There’s not a man among us who can save himself under the continual onslaughts of the devil, world, and our own sinful flesh.

It’s true, frustratingly and consistently true. We do not wrestle with flesh and blood in either of these matters: sexual lust, acedia—or for that matter a whole raft of other temptations. Ultimately this whole struggle is a spiritual battle, beyond the range of our puny intellect and feeble willpower to curtail. That’s why you can’t fight this battle, not really. You can only defend yourself and call in the champion to fight for you. Christ Jesus, who by his blood and cross has conquered in the fight already, intercedes for you at the Father’s right hand.

And God your Father in heaven for Jesus’ sake will take care of you, of that you can be sure. He is the almighty Maker of heaven and earth, and yet at the same time he is your true Father. That means you are his true son, dearly loved. He is guardian and keeper of all his beloved children. He guides you waking and he guards you sleeping. Under his protection you can safely rest even in the most distressing hours of your life.

So call upon him in every trouble, won’t you? Pray, praise, and give thanks to him. He is good, and his mercy endures forever. Whenever you are at the end of your rope—mentally, physically and spiritually exhausted—he will then be your strength and stay.

You won’t know this, of course, relying on your five senses. Ministry can be not only exhausting, but depleting. And then when you’re at your lowest ebb, Satan stirs the pot. He plays his trump card. He calls your attention not merely to your sins, but to the frightening developments around you and the fearsome unknown future ahead of you. All of these are things you can see, and hear, and touch, and feel. Any one of them can be terrifying enough, but collectively they will do you in. For left to your own devices, you will most certainly cave and give up.


But you can stand against this attack, provided you are arrayed in the protective armor of Christ Jesus your Lord: his truth, his righteousness, his gospel, his faith, and his salvation. Wield the sword of his Spirit with prayer and supplication, knowing that your Father in heaven delights in hearing your prayer and will most surely deliver you in his own time and way from all that ails you. So don’t cash it in. Never ever give up; be just as persistent in meditation and prayer as the devil is in his attacks against you and those you love.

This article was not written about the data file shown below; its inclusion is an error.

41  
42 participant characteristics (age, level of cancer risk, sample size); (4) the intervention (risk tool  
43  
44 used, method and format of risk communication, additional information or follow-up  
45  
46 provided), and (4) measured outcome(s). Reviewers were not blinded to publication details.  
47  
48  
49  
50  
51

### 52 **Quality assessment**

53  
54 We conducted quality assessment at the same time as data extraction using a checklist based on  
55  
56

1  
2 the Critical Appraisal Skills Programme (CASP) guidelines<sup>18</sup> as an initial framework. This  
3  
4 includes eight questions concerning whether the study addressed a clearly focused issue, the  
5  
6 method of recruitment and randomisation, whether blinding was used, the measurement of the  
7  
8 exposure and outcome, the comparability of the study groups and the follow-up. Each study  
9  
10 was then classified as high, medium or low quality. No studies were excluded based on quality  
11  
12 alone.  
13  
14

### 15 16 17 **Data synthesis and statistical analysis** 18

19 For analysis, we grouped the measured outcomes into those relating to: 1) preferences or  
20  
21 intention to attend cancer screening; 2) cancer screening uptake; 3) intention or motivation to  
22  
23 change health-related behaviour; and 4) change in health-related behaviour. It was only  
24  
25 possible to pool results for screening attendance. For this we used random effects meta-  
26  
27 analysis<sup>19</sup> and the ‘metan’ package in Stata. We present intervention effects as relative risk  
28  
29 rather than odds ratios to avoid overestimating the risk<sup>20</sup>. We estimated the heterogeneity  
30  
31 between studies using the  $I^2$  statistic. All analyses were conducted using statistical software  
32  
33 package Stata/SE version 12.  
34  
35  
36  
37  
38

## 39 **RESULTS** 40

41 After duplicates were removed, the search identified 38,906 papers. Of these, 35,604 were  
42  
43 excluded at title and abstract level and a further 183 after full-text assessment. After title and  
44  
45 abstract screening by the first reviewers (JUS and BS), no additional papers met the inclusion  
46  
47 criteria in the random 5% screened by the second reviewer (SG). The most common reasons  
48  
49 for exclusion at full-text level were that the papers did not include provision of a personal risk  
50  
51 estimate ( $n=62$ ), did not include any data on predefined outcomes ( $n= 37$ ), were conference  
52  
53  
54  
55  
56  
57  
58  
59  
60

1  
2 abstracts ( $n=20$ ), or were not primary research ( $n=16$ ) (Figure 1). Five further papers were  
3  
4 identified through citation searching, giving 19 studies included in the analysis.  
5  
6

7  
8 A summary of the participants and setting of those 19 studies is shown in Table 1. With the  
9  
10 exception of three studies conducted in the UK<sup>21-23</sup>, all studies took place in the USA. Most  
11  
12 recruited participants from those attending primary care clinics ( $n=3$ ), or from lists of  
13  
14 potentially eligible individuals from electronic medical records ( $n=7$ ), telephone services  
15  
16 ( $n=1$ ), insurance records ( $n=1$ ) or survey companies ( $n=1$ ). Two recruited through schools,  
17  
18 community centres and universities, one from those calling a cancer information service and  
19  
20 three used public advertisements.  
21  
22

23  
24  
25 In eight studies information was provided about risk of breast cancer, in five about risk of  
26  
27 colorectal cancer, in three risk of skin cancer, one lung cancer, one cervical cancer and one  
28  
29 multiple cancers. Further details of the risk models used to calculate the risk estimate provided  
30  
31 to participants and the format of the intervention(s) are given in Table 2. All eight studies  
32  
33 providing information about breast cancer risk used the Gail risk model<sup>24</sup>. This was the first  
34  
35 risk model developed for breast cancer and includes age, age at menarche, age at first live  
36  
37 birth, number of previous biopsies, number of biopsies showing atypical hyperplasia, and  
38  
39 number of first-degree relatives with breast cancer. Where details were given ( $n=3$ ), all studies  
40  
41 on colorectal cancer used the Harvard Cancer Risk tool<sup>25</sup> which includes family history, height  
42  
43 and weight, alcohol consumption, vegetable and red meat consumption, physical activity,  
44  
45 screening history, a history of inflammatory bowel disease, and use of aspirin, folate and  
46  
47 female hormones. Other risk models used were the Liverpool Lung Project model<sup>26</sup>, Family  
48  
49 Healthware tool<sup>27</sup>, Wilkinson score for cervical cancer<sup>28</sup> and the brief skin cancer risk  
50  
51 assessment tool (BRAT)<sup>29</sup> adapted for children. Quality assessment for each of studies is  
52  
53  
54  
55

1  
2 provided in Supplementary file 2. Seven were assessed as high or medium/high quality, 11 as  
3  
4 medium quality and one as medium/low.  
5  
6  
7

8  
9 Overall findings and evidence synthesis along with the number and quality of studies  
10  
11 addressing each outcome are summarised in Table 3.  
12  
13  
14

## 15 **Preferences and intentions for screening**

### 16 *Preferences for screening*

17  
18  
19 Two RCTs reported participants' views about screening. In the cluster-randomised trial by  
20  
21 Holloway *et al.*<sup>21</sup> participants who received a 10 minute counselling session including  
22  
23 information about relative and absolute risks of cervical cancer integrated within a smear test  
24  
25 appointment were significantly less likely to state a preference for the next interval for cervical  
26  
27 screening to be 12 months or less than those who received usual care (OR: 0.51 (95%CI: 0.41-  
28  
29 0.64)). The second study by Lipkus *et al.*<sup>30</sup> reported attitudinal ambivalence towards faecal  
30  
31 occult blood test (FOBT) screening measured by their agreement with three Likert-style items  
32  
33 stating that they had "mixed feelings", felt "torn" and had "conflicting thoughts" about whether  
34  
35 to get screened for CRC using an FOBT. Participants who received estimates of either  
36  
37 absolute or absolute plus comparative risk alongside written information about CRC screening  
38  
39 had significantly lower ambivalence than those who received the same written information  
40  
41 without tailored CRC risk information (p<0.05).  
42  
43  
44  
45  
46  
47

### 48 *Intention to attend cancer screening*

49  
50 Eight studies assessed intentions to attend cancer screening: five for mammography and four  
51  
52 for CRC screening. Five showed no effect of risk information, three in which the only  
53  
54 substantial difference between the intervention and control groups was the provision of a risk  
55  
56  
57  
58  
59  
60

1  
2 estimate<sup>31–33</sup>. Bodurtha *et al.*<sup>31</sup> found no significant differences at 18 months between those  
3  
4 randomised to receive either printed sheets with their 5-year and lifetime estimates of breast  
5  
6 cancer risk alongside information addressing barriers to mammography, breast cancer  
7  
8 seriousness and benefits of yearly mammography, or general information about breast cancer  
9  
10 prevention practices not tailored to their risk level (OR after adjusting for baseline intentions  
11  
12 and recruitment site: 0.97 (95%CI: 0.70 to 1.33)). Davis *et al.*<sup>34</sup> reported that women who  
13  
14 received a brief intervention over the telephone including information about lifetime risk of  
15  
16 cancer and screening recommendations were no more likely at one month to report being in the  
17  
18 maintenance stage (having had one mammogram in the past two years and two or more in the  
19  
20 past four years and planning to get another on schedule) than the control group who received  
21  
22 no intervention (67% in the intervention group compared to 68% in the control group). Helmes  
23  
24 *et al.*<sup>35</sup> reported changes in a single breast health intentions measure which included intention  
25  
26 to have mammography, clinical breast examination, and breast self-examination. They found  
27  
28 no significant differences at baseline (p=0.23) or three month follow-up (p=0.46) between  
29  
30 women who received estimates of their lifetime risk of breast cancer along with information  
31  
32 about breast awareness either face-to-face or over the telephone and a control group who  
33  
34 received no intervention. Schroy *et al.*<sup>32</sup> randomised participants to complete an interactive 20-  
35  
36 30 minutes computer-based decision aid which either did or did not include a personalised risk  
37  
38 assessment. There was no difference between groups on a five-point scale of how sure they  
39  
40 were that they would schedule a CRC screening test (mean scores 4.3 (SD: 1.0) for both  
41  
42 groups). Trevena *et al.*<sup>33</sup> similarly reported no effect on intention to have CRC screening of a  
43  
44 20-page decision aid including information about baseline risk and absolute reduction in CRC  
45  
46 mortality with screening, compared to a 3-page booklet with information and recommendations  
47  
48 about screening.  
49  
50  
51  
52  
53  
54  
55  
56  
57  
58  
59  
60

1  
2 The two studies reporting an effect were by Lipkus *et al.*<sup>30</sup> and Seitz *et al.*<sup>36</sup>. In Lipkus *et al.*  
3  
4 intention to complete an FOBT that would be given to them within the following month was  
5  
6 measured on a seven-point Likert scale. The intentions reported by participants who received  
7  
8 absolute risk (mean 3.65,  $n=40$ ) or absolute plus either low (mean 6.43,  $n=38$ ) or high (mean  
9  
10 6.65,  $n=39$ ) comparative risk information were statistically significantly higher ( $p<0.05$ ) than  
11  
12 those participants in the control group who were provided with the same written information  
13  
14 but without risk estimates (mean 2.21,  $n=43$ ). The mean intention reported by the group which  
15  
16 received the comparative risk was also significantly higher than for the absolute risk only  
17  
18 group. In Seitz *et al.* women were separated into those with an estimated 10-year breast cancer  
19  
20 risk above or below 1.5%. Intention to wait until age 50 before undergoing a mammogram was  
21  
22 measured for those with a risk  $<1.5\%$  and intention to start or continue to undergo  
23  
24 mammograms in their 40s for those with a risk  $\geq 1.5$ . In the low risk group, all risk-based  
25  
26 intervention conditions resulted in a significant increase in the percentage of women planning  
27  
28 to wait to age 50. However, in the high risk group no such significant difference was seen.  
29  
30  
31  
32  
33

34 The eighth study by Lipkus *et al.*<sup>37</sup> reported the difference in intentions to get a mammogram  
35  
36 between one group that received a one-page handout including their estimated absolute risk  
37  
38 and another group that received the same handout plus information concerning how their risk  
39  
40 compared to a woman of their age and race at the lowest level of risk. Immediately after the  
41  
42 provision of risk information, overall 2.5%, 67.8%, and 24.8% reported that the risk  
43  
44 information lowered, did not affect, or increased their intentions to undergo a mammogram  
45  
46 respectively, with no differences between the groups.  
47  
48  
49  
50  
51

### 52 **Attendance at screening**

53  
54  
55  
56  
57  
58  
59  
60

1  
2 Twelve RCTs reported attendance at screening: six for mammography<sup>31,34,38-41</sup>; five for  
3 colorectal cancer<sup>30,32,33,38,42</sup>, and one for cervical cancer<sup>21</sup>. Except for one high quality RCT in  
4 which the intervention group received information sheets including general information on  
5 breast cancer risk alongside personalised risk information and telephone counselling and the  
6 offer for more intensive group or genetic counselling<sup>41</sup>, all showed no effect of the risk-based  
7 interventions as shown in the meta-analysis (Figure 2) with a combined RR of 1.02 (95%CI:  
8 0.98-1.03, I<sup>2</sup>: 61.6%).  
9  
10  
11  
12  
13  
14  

Remember: In this battle you’re never a warrior. You’re a sentinel. Your primary task is to do sentry duty, guarding against enemy attack. You can never tell where the next attack will come from, or where it will be directed. It could be against you, of course, but frequently the devil is too cagey for that. Coward that he is, sometimes he launches his most vicious assaults on those nearest and dearest to you: your wife and children, your closest friends, your parishioners.

In every offensive and by any means possible his sworn, relentless goal is to uproot and utterly destroy God’s good and gracious work in Christ.


But he’s already judged, and the verdict is in. “It is finished,” Jesus cried in his dying breath. All the work of Satan to destroy, all his lies and accusations, all the sin and mayhem he has imposed on God’s good creation—all of this has been obliterated and eradicated in the death of our enfleshed God for the sins of the world.

Christ’s dramatic victory was affirmed and attested by his triumphant resurrection from the dead three days after his stone cold body was laid in its tomb.

So you can be confident, dear brother, that there’s nothing in all creation that can ever separate you from the Father’s love for you. Stand your ground, then, in the evil day. Some days are sure to be worse than others spiritually speaking. That goes with the territory in ministry. Temptations are sure to come; if not for you, then certainly for those you love.

Therefore always remain alert to fend them off. Wield the word, the Spirit’s sword. Pray persistently in the power and presence of the Holy Spirit, who sanctifies you already now and then in eternity hereafter forevermore.

And always remember this: The sufferings of this present time can’t hold a candle to the joy that still awaits us (Rom 8:18).

Taken from The Care of Souls: Cultivating a Pastor’s Heart by Harold L. Senkbeil. Copyright (c) 2019. Published by Lexham Press,

Harold L. Senkbeil is an Executive Director of Doxology: The Lutheran Center for Spiritual Care. His pastoral experience of nearly five decades includes parish ministry, the seminary classroom, and parachurch leadership. He is author of numerous books, including Dying to Live: The Power of Forgiveness and Sanctification: Christ in Action.